After that, a coordination language “Structured Dagger” has been implemented on top of Charm++ by Milind Bhandarkar that was included in this version. Several features have also been added to Converse. Dynamic seed-based load balancing has been implemented (Terry Wilmarth and Joshua Yelon), a client-server interface for Converse programs, and debugging support has been added (Parthasarathy Ramachandran, Jeff Wright, and Milind Bhandarkar). Converse has been ported to new platforms including ASCI Red (Joshua Yelon), Cray T3E (Robert Brunner), and SGI Origin2000 (Milind Bhandarkar). There exists also a test suite for Charm++ developed by Michael Lang, Jackie Wang, and Fang Hu. Projections, the performance visualization and analysis tool, was redesigned and rewritten using Java by Michael Denardo. Orion Lawlor, Gengbin Zheng, and Milind Bhandarkar are responsible for changes to the system since the last release.[2]


Here is some Charm++ code for demonstration purposes:[3]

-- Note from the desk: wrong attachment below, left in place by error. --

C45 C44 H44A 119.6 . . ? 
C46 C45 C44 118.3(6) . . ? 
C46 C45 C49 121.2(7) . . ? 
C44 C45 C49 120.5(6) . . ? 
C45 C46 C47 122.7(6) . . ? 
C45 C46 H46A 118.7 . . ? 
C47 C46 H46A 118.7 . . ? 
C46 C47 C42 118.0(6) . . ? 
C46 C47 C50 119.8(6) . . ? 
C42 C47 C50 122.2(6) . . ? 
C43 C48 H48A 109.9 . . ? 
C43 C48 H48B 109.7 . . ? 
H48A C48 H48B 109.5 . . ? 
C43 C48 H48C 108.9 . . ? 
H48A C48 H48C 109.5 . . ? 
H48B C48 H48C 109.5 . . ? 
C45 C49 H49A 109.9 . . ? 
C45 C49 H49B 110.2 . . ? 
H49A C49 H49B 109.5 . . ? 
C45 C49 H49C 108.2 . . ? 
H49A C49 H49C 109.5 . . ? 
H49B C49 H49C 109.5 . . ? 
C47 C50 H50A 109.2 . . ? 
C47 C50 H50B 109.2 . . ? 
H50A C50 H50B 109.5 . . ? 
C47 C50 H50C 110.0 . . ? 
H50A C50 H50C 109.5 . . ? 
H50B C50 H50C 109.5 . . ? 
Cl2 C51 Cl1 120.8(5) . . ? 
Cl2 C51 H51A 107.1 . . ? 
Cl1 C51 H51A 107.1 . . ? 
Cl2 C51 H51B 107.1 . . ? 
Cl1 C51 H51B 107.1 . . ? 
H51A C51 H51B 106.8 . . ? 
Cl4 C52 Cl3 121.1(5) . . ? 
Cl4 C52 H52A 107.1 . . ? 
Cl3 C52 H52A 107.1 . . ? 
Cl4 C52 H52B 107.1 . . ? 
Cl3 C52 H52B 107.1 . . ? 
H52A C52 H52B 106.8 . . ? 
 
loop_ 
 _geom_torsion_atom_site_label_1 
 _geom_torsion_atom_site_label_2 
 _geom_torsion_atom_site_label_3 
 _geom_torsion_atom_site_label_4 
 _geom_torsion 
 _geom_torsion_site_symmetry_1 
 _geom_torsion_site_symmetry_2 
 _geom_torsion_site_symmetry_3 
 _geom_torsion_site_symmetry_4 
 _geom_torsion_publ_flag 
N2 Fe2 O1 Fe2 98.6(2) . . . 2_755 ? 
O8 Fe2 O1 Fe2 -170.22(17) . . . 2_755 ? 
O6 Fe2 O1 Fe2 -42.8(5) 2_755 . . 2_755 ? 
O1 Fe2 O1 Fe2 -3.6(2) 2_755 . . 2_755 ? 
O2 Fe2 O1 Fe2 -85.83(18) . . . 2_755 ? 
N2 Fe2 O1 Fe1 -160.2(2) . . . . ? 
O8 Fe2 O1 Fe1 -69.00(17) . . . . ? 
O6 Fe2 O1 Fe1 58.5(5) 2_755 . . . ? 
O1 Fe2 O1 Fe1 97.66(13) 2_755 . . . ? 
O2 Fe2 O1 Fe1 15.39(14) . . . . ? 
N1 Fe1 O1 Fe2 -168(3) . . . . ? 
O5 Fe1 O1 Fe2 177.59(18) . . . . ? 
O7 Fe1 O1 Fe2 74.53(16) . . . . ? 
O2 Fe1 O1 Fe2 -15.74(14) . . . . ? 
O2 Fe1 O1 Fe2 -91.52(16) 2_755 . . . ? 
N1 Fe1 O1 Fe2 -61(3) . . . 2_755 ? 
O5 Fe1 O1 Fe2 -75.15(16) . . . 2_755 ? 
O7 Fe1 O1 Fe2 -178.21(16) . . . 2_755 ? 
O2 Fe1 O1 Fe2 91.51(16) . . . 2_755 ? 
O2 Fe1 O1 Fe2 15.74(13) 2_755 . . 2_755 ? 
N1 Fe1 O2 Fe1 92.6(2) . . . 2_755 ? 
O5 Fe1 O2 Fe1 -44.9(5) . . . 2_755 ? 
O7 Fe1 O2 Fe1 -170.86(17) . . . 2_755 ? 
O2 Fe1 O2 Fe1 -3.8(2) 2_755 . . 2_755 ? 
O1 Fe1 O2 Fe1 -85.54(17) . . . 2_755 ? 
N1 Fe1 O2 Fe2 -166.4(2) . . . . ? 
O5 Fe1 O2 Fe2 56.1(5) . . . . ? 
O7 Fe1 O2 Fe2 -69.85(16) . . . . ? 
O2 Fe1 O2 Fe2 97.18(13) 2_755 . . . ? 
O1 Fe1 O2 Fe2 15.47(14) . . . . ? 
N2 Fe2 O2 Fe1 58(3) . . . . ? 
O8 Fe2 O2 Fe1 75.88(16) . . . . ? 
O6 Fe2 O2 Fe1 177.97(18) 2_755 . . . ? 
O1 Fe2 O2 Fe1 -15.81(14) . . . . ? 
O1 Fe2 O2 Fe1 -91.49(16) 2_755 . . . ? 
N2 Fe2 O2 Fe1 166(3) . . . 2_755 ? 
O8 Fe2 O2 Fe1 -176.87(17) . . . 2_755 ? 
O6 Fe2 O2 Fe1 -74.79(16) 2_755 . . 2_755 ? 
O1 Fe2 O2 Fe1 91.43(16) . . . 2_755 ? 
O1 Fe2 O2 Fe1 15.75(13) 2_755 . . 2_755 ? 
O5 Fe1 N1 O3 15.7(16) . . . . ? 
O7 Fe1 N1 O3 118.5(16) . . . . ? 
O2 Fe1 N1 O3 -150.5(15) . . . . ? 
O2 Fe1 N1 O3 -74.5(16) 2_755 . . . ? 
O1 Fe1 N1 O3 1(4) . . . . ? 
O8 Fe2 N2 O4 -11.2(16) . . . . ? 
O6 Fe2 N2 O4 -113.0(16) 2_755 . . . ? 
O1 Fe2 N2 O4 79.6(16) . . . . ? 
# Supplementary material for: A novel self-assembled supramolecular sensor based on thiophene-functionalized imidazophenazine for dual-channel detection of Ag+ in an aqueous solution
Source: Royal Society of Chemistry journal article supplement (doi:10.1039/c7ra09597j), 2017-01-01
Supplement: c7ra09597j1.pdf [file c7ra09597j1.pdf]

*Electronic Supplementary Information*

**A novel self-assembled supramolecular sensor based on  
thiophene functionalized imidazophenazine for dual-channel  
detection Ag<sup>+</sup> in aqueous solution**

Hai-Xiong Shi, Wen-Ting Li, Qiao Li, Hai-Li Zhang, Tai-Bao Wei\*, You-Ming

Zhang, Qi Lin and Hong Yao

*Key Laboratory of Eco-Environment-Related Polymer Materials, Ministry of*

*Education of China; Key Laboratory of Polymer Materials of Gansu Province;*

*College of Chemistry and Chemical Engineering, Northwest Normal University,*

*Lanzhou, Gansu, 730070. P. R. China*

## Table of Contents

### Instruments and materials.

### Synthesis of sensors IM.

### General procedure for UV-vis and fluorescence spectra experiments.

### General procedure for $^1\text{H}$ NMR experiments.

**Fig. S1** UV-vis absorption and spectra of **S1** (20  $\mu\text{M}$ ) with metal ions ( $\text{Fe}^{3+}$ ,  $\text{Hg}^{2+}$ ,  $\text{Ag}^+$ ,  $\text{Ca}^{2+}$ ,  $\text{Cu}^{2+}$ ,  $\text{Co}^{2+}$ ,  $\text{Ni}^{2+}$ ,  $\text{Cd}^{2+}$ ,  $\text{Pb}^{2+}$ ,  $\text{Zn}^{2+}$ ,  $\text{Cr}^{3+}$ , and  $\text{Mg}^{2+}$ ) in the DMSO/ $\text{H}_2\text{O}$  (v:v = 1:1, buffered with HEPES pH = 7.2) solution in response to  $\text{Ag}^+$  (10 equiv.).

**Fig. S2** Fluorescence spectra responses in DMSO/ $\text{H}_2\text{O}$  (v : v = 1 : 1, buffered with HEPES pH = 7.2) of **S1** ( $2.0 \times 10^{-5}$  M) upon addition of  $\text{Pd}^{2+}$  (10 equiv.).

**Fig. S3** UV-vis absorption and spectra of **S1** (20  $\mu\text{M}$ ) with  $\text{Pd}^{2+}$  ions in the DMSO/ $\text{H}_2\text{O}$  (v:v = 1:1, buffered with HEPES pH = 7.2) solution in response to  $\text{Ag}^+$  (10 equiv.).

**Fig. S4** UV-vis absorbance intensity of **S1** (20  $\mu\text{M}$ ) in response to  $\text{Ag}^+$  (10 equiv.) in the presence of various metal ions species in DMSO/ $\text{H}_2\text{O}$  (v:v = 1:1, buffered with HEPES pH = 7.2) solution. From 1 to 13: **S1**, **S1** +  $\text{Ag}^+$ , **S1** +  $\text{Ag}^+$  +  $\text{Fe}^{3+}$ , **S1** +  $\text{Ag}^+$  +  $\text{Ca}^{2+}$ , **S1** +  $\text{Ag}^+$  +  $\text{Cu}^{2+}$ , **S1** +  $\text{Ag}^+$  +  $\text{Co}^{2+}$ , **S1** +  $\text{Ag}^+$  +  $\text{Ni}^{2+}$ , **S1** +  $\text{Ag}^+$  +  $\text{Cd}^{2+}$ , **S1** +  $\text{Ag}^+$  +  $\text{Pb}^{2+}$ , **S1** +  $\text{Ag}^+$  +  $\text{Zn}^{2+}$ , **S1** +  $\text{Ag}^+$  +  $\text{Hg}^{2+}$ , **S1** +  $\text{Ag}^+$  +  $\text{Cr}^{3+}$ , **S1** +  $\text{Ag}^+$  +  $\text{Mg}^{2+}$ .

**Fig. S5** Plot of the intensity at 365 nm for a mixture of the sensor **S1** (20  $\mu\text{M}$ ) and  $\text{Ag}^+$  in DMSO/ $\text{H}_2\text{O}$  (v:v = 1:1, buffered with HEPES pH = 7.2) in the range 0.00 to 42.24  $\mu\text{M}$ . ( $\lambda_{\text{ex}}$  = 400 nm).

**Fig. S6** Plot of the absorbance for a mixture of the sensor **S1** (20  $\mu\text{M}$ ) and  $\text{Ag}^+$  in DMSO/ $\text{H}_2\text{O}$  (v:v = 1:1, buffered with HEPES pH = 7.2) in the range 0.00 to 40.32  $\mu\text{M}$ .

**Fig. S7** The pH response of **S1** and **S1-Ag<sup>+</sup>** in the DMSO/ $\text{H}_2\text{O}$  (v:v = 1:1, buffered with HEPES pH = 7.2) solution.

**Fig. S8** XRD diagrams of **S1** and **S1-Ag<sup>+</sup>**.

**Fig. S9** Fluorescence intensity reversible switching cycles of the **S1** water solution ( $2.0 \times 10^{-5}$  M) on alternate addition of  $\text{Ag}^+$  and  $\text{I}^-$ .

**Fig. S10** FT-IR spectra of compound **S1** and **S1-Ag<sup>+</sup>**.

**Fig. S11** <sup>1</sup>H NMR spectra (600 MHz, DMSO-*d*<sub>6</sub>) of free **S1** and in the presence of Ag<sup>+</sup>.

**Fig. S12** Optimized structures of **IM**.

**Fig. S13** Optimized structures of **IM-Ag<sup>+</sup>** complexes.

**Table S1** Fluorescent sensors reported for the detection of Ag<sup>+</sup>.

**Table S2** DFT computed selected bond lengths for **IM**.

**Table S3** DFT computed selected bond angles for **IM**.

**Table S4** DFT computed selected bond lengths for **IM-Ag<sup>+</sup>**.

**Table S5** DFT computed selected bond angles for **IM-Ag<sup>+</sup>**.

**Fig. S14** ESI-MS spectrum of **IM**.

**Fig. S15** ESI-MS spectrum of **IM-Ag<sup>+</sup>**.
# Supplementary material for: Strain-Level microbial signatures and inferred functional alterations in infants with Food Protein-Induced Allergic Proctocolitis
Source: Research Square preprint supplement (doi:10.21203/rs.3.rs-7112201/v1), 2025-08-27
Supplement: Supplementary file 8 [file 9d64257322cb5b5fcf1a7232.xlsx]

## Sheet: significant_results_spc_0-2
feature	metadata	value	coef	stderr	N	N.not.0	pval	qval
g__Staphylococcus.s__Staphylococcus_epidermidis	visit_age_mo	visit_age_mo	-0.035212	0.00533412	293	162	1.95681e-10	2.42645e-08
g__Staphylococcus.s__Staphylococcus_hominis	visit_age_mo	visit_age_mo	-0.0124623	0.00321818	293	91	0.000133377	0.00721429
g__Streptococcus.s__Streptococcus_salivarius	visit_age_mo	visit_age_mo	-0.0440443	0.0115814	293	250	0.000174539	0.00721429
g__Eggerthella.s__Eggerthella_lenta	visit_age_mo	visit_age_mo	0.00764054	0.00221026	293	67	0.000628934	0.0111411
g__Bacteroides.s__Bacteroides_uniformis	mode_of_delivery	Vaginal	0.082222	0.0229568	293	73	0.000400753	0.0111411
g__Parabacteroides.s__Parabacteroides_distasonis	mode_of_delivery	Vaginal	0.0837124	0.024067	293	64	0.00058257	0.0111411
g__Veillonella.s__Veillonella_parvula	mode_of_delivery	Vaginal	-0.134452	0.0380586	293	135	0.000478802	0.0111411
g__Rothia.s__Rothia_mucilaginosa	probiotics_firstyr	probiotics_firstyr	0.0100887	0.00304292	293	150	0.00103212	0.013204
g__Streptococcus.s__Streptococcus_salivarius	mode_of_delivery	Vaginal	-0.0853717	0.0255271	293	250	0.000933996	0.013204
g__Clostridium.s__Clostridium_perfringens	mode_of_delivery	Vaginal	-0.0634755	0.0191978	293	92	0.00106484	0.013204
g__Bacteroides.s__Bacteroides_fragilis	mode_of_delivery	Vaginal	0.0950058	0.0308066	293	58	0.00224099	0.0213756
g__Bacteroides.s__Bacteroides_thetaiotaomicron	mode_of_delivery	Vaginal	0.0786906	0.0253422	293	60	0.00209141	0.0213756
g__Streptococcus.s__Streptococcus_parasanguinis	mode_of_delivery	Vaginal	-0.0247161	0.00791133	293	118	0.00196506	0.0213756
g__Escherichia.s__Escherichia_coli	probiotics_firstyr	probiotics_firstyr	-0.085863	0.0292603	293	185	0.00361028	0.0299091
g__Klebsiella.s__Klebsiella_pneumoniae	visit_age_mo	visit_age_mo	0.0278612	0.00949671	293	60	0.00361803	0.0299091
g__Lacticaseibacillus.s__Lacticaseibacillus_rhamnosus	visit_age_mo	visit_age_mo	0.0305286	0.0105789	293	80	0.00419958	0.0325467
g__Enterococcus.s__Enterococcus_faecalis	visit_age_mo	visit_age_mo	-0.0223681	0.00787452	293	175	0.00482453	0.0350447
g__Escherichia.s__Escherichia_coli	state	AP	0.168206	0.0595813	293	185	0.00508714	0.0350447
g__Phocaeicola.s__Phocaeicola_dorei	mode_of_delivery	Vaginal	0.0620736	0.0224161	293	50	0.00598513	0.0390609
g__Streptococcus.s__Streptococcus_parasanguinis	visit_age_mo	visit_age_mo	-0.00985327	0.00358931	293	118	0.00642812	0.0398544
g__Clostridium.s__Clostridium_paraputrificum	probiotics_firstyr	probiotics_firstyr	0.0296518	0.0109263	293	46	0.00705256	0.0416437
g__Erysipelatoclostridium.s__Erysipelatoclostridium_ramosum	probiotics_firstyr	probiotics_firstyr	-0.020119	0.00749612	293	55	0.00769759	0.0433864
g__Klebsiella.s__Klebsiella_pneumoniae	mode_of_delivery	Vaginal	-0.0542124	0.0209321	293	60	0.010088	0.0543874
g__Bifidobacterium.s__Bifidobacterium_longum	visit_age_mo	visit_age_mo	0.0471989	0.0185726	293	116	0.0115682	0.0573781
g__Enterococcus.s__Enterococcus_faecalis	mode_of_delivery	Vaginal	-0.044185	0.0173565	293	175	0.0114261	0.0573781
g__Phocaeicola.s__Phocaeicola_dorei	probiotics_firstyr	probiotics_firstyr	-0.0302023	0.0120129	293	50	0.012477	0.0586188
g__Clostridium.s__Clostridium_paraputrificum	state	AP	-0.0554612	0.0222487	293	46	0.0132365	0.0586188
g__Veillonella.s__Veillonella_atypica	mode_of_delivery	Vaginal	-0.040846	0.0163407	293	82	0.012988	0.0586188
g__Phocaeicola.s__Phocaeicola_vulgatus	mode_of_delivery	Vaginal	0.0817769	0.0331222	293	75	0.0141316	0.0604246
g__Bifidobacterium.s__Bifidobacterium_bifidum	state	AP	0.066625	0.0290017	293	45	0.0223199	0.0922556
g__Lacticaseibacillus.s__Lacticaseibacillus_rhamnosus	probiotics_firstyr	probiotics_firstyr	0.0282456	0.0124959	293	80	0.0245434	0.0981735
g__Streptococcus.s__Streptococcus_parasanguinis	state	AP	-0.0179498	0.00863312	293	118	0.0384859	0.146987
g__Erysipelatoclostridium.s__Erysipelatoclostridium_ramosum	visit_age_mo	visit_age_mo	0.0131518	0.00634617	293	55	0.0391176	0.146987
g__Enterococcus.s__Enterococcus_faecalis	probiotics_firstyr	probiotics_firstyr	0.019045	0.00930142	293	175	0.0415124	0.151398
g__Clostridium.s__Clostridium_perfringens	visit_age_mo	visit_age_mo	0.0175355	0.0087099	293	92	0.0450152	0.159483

Header file (hello.h)
#ifndef __HELLO_H__
#define __HELLO_H__
class Hello : public CBase_Hello {
  /// Constructors ///
  Hello(CkMigrateMessage *msg);
  /// Entry Methods ///
  void sayHi(int from);
#endif //__HELLO_H__
Interface file (
module hello {
  array [1D] Hello {
    entry Hello();
    entry void sayHi(int);
Source file (hello.C)
#include "hello.decl.h"
#include "hello.h"
#include "main.decl.h"
extern /* readonly */ CProxy_Main mainProxy;
extern /* readonly */ int numElements;
Hello::Hello() {
  // Nothing to do when the Hello chare object is created.
  // This is where member variables would be initialized
  // just like in a C++ class constructor.
// Constructor needed for chare object migration (ignore for now)
// NOTE: This constructor does not need to appear in the ".ci" file
Hello::Hello(CkMigrateMessage *msg) { }
void Hello ::sayHi(int from) {
  // Have this chare object say hello to the user.
  CkPrintf("\"Hello\" from Hello chare # %d on "
           "processor %d (told by %d).\n",
           thisIndex, CkMyPe(), from);
  // Tell the next chare object in this array of chare objects
  // to also say hello. If this is the last chare object in
  // the array of chare objects, then tell the main chare
  // object to exit the program.
  if (thisIndex < (numElements - 1))
    thisProxy[thisIndex + 1].sayHi(thisIndex);
#include "hello.def.h"


See also

External links